Written by John Lewis & Andrew Aydin
Art by Nate Powell
March tells the story of Congressman John Lewis, from his childhood in rural Alabama, to his key role in the Civil Rights movement, and finally his career in Congress. This book is the first of three, but because it moves around in time it touches on several periods in Lewis's life. The story begins on the Edmund Pettus Bridge during the march from Selma to Montgomery on March 7, 1965. The confrontation between the marchers and state troopers became known as "Bloody Sunday." It quickly jumps to Washington, D.C. in 2009 on the day of President Obama's inauguration, showing us how far Lewis had come in the intervening years. As he shows some visitors around his office he tells them about his childhood on a farm.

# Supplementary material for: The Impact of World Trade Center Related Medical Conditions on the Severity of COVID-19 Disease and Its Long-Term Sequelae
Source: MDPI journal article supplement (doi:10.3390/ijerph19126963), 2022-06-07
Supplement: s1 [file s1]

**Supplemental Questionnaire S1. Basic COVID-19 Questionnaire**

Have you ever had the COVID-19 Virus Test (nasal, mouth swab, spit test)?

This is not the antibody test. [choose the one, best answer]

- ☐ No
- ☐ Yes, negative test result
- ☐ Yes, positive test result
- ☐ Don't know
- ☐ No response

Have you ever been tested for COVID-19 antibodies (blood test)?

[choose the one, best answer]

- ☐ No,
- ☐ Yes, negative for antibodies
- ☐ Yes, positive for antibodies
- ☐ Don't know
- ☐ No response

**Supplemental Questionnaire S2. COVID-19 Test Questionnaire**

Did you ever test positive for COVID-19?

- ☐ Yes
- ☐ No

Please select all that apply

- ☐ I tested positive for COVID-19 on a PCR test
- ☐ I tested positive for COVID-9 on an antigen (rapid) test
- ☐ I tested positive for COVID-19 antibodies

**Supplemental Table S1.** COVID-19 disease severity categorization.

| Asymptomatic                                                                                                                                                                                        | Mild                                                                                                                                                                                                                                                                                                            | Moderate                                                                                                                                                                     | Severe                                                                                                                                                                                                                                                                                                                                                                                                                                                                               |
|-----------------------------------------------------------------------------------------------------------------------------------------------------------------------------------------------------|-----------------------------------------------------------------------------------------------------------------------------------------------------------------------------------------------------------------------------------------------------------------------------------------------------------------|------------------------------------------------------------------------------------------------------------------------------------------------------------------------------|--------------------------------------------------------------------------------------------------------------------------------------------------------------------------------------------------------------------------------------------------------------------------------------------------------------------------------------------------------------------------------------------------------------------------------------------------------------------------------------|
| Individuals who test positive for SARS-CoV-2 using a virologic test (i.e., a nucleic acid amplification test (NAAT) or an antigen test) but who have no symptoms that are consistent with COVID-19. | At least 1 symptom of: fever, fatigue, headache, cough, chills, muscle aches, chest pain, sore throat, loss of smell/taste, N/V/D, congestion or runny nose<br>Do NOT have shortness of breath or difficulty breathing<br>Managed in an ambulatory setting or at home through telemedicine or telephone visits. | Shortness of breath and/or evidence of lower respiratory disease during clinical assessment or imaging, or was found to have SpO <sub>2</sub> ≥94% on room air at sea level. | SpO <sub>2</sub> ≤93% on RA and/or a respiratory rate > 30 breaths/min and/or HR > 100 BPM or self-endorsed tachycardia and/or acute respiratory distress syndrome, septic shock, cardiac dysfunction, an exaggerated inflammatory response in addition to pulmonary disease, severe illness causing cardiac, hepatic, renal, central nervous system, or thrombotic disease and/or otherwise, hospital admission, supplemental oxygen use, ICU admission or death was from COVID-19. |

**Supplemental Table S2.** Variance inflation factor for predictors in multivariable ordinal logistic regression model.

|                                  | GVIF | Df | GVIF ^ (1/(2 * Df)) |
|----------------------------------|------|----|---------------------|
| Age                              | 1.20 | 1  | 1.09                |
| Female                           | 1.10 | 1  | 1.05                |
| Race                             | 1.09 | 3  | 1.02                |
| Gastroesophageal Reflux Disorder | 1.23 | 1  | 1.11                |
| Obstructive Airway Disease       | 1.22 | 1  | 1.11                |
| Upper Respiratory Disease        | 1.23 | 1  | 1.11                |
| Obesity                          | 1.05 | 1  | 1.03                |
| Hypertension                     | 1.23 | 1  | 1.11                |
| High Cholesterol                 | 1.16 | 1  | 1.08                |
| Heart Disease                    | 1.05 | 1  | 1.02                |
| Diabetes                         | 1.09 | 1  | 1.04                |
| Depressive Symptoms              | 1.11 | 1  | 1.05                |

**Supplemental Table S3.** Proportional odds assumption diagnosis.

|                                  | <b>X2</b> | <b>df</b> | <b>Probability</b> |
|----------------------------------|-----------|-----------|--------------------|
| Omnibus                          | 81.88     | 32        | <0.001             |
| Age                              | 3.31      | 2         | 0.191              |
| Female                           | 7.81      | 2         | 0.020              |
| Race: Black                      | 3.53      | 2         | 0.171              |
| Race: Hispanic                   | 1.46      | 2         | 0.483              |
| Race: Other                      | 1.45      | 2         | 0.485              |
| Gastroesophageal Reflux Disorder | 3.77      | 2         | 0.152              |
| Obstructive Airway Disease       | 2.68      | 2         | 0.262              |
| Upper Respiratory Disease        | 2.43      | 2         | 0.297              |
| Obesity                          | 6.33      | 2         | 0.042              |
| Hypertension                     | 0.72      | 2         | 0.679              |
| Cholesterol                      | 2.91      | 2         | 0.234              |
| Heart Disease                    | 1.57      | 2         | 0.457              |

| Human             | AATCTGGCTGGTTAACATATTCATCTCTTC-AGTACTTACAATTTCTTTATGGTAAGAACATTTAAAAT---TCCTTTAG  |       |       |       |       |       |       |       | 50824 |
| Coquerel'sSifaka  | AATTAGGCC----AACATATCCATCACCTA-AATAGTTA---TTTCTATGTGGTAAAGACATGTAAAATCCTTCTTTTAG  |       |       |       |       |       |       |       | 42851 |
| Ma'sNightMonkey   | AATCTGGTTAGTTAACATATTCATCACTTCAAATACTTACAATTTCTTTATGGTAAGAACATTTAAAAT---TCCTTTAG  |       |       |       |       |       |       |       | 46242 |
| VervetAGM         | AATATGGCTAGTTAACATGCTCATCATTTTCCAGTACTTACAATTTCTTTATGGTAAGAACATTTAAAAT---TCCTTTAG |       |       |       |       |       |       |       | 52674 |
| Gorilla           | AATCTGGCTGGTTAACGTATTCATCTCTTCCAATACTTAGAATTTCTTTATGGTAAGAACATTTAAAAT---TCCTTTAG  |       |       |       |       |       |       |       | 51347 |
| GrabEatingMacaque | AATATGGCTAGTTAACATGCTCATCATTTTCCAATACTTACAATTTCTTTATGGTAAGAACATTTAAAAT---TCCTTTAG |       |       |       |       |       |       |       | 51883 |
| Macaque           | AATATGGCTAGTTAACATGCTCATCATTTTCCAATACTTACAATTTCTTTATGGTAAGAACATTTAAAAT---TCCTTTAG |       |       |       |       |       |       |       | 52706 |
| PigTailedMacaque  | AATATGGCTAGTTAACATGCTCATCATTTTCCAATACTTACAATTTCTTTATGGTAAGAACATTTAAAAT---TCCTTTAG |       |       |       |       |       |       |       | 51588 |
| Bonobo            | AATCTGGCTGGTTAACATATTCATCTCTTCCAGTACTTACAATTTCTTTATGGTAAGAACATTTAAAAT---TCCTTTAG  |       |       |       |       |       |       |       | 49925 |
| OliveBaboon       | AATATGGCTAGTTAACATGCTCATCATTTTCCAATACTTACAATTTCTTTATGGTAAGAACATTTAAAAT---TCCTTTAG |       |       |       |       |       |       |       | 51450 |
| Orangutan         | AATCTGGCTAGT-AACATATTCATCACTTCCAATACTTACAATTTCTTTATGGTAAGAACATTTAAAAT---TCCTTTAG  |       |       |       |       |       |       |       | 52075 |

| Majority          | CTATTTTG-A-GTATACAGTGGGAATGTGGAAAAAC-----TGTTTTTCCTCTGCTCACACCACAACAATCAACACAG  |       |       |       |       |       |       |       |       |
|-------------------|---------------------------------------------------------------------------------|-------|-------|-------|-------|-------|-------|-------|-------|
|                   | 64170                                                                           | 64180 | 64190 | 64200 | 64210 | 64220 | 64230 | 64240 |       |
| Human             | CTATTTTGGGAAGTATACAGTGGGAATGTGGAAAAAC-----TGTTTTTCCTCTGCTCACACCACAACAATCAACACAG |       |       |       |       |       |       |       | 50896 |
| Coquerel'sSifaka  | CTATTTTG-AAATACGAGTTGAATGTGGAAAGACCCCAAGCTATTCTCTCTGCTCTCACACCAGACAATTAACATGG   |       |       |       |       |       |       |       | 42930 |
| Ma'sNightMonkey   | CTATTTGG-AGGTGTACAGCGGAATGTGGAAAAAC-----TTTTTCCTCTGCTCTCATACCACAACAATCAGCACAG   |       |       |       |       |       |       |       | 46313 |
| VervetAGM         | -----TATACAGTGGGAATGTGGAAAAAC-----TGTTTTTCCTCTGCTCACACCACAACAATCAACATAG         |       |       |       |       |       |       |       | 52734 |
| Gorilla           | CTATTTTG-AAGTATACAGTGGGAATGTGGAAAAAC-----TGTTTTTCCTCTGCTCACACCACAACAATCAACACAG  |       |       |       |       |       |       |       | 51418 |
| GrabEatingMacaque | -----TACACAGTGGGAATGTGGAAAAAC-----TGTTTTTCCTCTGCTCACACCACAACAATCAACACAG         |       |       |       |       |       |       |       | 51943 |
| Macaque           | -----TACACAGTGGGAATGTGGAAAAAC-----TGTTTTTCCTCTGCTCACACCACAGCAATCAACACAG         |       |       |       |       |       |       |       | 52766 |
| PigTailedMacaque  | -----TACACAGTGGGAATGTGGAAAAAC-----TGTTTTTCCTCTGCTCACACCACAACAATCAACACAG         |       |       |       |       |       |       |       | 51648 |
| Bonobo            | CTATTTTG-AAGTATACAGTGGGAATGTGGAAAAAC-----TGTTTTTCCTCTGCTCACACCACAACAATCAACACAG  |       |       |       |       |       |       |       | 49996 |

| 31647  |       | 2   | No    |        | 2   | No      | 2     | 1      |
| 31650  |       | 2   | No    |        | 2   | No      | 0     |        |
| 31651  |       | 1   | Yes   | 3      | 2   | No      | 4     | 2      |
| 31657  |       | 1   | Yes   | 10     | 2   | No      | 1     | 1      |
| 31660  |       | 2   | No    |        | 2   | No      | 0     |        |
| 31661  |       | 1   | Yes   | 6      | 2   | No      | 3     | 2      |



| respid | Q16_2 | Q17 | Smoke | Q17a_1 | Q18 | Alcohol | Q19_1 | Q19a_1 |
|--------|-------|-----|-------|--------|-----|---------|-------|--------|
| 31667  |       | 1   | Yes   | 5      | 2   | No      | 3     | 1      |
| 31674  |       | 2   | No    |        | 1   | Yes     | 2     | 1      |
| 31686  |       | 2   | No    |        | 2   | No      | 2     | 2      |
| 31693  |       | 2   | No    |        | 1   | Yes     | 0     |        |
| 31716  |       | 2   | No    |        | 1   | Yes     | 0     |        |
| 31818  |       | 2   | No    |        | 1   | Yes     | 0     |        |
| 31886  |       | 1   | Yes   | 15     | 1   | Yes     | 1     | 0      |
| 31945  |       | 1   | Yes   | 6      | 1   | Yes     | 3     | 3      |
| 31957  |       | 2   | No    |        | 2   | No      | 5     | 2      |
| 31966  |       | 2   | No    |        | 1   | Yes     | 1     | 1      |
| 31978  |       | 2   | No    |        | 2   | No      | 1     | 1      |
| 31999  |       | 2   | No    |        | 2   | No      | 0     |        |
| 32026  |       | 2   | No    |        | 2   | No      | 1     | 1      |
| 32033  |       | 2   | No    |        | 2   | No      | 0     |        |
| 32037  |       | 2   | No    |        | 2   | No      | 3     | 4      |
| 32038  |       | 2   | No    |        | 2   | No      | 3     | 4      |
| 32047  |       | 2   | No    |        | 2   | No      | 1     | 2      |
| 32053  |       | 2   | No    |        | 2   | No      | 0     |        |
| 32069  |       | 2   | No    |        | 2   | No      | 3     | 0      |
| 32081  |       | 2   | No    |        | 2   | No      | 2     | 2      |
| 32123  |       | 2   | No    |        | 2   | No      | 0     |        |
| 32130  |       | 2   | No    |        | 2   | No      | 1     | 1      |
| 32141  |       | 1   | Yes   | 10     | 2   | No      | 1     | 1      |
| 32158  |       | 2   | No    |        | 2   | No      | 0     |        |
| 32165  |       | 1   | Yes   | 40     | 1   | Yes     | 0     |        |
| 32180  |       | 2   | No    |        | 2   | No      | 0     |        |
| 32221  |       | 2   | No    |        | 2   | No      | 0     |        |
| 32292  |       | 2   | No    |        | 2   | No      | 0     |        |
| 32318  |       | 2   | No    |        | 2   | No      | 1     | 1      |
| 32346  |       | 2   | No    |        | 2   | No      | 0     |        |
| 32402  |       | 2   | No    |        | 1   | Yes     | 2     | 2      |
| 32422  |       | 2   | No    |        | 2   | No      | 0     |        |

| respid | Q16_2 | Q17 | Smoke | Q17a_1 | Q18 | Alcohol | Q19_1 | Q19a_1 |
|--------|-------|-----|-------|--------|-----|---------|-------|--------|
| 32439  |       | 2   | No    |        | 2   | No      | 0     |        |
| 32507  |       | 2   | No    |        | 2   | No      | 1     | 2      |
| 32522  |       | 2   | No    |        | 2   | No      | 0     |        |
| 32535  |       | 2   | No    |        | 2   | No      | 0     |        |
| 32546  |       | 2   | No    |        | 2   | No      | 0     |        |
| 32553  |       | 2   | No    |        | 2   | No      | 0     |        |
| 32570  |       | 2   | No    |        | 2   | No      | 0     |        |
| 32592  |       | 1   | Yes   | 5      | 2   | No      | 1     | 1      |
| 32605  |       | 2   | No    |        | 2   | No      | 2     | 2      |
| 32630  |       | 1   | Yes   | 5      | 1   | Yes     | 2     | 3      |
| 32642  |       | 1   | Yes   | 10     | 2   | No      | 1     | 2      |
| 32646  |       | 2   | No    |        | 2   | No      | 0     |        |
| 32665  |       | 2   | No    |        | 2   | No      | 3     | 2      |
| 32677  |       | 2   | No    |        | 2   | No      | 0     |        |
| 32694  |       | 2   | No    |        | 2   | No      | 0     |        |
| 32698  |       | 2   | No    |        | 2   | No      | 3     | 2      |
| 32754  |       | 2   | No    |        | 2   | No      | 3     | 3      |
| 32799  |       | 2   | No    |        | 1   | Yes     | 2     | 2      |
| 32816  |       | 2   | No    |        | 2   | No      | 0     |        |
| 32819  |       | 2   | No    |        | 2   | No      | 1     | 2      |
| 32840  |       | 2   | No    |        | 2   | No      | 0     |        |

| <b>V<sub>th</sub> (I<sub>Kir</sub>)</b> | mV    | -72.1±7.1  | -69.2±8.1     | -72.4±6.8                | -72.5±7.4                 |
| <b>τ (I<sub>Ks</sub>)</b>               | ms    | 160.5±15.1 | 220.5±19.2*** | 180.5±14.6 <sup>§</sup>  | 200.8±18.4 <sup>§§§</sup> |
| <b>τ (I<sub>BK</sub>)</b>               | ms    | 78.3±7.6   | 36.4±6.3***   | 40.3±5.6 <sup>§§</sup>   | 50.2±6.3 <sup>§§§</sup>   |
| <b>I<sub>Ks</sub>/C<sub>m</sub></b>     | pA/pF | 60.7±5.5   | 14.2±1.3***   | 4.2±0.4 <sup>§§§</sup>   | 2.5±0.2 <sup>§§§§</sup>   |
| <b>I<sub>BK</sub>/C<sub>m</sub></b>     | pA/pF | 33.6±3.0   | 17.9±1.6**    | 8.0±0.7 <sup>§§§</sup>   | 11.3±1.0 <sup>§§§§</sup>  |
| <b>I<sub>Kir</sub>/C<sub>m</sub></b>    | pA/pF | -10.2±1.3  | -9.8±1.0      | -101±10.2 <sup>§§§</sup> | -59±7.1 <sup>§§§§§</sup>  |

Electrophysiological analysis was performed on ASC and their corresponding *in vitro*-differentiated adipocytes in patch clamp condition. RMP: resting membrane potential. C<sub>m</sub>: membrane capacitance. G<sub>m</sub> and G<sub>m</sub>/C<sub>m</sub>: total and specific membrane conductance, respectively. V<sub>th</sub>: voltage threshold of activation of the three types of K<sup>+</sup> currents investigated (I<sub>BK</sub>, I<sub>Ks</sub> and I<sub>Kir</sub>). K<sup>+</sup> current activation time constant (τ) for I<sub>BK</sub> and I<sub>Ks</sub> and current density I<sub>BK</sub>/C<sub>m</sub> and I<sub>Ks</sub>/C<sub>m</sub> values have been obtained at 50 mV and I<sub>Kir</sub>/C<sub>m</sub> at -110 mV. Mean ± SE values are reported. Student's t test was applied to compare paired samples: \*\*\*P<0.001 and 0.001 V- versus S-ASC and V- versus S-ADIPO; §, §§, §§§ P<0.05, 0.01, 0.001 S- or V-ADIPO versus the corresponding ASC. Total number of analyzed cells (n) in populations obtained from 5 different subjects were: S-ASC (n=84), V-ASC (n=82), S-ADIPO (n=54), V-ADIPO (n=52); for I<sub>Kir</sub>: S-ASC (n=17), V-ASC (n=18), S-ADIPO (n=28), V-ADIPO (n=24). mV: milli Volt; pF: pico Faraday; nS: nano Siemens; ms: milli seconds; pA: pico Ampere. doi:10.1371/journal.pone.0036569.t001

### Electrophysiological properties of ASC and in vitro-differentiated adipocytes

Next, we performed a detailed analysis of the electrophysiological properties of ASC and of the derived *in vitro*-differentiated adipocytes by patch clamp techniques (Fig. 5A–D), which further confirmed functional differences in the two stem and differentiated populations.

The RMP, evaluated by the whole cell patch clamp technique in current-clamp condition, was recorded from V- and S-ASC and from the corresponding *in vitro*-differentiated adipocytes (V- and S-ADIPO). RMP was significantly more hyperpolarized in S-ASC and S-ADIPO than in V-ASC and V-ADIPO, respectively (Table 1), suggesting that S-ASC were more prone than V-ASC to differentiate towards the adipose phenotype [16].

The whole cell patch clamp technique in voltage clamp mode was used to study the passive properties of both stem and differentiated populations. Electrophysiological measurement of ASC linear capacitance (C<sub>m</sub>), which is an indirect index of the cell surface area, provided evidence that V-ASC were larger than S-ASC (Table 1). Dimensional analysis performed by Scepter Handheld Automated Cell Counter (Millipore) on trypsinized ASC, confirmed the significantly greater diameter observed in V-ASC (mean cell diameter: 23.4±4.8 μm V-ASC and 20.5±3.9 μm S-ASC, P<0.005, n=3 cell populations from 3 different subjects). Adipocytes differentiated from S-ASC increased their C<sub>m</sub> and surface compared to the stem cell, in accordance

So we get a broad chronological range in the first 50 pages or so. I especially enjoyed Lewis's memories of caring for the family chickens. A trip up north to Buffalo with his uncle broadened Lewis's horizons considerably, and his affinity for education took him to college. He hears Dr. Martin Luther King, Jr. on the radio, learns of the murder of Emmett Till, and the arrest of Rosa Parks. He was inspired, which eventually resulted in the 1960 non-violent lunch counter sit-ins in Nashville, the first civil rights actions led by Lewis.
While many readers could be expected to know the broad outlines of the story here--especially the large public civil rights actions--Lewis's story gives this history a rich personal background. Like all good memoirs the story thrives on the intersection between the public and private, the way the personal details relate to the broad sweep of historical events. It's a fascinating story, which Powell translates into visual terms very effectively. I look forward to the succeeding installments.